This quick edit tip is all about the details. When you want your audience to be absolutely clear about an action that’s taking place or a story point that’s important, use insert shots.
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So, what exactly are insert shots?
An insert shot is a shot containing visual detail that is inserted into a scene for informational clarity or to provide dramatic emphasis.
They are typically close-up shots of items, like a book that gives a character an idea…or very particular actions that are happening, like a glass of wine being poured.
Let’s dig deeper into the various functions of insert shots.
1. They help to transition scenes.
They provide immediate information about an environment by showing the details that are present in it, great for entering a new scene when you don’t always want to use a wide shot, AND just as useful for exiting one.
2. They more fully define what’s going on.
Also, insert shots can more fully define what’s going on and help focus a viewer’s attention. By leveraging the power of the close-up to exclude all other elements from the frame, important narrative points can be imparted effectively and economically to the audience.
You’re telling the viewer, “THIS is what I want you to notice AND there’s a reason for it.”
3 . Provide greater diversity in shot compositions
Finally, insert shots can provide greater diversity in shot compositions within a cut. Savvy editors use them to break up the monotony of medium shots that can tend to plague more carelessly edited pieces.
Let’s look at how insert shots work in action.
Here, we’ve got two wide shots of an editor cutting at a workstation spliced together. We might be talking about the importance of using some function on the keyboard, which would be a great time to splice a closeup shot in between the two wide shots to get a better look at that detail.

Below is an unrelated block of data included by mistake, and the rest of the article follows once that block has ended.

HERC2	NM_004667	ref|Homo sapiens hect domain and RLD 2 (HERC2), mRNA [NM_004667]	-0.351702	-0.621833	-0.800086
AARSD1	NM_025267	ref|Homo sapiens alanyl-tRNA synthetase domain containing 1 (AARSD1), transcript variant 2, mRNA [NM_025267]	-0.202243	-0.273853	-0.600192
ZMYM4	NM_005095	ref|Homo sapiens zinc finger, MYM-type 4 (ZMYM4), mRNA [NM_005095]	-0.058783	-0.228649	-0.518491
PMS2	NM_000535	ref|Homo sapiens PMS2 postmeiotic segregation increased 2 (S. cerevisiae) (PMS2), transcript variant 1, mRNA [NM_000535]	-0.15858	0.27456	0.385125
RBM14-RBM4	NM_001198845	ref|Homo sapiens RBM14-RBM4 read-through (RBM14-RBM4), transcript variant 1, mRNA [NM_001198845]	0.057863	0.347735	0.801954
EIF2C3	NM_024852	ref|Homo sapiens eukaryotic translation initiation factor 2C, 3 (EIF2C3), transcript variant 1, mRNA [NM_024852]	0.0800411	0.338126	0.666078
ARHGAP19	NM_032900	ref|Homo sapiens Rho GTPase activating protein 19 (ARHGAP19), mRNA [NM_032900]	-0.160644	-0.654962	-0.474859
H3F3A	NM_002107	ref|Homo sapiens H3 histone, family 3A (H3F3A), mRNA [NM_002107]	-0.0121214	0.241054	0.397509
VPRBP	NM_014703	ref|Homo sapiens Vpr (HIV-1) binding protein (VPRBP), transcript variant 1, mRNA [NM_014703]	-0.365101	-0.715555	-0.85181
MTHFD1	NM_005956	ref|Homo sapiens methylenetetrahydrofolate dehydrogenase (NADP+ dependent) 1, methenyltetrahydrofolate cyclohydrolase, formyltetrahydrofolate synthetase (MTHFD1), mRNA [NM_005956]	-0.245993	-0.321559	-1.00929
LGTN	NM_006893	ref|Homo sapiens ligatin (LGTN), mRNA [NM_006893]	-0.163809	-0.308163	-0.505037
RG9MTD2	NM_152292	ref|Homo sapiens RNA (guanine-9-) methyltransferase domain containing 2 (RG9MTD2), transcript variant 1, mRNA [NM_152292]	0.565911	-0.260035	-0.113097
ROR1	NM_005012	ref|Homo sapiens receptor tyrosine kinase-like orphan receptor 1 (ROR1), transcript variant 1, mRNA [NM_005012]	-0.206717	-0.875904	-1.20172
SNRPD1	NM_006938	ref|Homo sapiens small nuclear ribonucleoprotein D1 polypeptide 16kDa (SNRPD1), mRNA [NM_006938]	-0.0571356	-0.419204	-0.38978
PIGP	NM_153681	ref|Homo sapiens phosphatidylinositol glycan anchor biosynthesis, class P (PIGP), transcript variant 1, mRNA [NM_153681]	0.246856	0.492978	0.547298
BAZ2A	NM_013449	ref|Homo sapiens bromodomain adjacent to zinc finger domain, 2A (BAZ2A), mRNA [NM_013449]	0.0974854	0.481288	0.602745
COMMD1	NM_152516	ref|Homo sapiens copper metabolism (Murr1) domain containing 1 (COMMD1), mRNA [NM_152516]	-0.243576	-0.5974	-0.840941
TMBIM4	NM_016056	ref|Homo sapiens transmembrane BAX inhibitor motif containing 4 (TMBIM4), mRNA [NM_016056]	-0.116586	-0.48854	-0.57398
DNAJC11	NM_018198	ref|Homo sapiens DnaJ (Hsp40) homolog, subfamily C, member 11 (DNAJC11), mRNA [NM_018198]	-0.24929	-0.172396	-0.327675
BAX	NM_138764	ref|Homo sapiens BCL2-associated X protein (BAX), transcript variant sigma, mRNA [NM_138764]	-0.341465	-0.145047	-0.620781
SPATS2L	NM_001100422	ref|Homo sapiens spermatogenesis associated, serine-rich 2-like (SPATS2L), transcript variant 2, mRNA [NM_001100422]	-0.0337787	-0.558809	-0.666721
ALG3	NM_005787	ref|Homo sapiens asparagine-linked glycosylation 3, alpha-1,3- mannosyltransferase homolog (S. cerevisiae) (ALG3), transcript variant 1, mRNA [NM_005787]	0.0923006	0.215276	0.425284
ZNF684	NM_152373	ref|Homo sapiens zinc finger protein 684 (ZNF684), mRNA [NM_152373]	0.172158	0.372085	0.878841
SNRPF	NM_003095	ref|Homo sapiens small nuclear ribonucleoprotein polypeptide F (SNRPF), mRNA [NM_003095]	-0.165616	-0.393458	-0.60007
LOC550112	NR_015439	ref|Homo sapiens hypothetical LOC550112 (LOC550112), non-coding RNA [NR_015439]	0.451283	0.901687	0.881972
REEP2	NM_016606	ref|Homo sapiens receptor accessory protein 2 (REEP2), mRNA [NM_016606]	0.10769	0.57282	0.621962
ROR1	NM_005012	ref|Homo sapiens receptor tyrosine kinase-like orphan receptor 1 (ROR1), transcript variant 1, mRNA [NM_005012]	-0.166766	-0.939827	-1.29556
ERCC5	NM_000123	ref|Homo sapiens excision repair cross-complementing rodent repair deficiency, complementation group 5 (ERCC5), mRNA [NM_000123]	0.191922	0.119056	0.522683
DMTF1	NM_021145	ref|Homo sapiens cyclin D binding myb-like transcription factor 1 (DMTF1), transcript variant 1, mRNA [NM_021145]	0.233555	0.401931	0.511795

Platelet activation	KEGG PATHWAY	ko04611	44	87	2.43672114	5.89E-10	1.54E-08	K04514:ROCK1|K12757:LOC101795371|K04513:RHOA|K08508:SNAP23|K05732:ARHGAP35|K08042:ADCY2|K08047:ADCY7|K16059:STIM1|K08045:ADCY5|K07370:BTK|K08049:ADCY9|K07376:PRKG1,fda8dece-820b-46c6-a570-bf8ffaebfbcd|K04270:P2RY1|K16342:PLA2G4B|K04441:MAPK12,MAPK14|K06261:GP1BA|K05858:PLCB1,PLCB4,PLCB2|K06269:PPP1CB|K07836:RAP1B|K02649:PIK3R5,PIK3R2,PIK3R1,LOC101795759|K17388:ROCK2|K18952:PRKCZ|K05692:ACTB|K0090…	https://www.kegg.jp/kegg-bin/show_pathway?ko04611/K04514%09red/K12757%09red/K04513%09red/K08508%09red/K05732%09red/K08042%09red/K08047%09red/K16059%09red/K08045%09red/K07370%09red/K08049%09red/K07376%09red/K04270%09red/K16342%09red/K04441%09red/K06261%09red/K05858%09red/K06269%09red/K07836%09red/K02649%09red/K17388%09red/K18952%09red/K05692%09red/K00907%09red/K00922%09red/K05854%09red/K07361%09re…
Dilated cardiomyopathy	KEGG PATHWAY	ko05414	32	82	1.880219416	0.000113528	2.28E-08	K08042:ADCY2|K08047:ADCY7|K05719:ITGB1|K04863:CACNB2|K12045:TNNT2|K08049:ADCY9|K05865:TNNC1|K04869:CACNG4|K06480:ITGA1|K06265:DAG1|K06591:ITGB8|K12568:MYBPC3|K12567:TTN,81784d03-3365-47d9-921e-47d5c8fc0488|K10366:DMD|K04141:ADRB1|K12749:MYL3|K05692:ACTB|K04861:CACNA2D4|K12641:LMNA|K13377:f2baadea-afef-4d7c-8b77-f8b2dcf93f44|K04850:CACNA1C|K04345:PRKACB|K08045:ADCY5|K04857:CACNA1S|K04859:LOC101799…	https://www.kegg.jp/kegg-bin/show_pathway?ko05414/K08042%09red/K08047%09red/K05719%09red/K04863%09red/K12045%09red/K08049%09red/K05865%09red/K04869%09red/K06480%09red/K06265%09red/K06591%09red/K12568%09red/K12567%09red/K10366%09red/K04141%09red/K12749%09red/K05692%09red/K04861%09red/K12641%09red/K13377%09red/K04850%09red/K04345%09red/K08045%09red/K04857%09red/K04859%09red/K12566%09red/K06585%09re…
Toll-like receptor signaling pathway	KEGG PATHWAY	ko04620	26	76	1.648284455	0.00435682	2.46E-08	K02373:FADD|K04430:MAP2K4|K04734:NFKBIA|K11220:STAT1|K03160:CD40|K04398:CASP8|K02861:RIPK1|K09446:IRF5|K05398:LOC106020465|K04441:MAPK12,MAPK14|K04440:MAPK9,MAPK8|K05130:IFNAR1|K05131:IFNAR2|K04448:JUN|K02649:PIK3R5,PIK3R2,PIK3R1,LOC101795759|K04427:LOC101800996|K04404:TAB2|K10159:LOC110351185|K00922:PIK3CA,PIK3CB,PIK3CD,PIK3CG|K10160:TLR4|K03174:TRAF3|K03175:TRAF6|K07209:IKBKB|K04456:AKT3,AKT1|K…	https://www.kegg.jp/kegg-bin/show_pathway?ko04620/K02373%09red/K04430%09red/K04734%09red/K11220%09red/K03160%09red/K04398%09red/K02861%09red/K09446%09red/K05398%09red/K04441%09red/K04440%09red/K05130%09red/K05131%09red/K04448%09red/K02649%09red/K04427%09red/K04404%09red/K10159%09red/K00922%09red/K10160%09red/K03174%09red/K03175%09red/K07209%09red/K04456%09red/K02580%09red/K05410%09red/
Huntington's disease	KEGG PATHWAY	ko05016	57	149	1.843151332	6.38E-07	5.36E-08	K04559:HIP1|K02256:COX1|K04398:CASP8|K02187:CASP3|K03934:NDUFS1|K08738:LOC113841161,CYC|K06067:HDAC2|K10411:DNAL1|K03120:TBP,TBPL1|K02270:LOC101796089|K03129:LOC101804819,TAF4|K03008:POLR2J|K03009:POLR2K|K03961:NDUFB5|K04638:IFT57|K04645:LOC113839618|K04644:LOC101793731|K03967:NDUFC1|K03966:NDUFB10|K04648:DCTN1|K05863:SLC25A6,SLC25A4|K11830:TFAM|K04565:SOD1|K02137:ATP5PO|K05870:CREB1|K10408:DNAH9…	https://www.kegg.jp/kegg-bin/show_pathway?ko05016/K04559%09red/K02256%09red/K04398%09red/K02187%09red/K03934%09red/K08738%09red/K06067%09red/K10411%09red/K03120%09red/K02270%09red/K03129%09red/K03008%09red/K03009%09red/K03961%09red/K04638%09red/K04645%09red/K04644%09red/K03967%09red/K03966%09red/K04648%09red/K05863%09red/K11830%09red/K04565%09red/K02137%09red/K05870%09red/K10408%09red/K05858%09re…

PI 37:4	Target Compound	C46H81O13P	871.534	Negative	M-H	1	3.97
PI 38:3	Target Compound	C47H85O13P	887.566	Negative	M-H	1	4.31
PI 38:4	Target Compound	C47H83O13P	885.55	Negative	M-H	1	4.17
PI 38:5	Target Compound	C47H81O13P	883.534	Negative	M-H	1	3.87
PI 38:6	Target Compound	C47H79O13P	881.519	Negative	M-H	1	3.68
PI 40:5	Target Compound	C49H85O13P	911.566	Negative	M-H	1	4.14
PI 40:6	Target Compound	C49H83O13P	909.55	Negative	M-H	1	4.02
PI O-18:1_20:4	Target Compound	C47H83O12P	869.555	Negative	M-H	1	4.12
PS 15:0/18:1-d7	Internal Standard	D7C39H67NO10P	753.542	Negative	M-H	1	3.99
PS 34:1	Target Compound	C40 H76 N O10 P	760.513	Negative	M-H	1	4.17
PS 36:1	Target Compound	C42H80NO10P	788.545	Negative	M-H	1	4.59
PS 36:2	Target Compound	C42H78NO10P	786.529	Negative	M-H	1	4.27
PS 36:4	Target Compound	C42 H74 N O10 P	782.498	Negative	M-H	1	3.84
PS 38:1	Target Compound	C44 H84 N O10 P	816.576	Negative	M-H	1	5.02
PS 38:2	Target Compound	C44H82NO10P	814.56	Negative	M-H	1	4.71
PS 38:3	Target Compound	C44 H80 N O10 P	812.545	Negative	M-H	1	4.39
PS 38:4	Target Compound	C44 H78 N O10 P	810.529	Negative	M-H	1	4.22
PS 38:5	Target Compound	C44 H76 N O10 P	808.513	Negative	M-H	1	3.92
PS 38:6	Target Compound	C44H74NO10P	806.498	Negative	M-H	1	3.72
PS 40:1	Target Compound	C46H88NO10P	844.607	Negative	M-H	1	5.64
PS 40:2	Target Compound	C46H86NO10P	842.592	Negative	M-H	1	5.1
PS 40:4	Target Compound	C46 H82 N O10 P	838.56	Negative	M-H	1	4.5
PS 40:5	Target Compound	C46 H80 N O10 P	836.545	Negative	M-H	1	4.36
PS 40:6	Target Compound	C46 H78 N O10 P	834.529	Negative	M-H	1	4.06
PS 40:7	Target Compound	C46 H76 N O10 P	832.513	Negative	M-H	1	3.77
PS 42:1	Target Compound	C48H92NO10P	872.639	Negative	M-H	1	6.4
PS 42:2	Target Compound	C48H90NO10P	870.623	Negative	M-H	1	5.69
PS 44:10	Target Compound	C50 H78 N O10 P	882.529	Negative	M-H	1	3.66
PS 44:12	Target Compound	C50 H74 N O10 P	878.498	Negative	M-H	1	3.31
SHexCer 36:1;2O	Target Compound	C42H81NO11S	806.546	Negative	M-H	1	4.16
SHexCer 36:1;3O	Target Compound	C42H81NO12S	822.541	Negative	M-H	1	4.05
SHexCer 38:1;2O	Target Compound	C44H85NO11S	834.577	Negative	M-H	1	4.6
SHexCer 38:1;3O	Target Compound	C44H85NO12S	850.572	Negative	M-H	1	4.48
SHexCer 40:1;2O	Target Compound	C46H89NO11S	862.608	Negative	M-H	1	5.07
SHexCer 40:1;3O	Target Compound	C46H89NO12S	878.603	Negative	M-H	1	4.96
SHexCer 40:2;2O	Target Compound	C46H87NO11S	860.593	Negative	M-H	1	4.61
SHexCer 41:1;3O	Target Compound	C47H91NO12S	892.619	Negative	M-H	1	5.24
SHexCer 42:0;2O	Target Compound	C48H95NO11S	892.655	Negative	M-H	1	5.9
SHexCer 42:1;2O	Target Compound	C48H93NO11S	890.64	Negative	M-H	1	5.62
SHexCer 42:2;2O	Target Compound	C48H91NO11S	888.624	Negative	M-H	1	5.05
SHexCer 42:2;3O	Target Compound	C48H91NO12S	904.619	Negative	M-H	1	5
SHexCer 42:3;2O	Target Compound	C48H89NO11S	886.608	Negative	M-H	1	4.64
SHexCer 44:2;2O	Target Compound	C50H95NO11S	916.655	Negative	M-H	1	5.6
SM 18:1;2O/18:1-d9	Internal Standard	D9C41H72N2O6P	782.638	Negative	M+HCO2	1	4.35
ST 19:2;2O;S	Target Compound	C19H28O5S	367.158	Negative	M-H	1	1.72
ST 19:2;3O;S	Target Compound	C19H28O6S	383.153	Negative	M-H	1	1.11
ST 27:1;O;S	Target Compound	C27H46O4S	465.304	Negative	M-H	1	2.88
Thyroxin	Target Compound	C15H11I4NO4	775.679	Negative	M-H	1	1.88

Usually, if there’s action involved, you’ll want your insert shot to match on that action. Insert shots can come in really handy to mask continuity issues when action, direction or dialogue is not quite right across certain edits.
You can also use them to condense time. We can easily change that second wide shot to a different phase of the editing process and it’s not jarring to an audience.
TIP: It’s important to note that you can also create insert shots in post production if your source material is a higher resolution that your final export will be.
For example, if you shot in something like 8k and planned to export a 2k final version, you’d be able to zoom in up to 4x without losing image integrity. And of course, shooting in 4k and exporting in 2k would allow a 2x digital zoom for your artificial inserts.
This obviously would afford a lot of flexibility for creating your own insert shots in the editing process.
So, as you can see, insert shots covering specific relevant action play a crucial role in editing. When you there’s imperative information to convey or important story points to impart, they can be of immense value in your workflow.
Insert shots covering specific relevant action play a crucial role in editing. When you there’s imperative information to convey or important story points to impart, they can be of immense value in your workflow.
– Film Editing Pro
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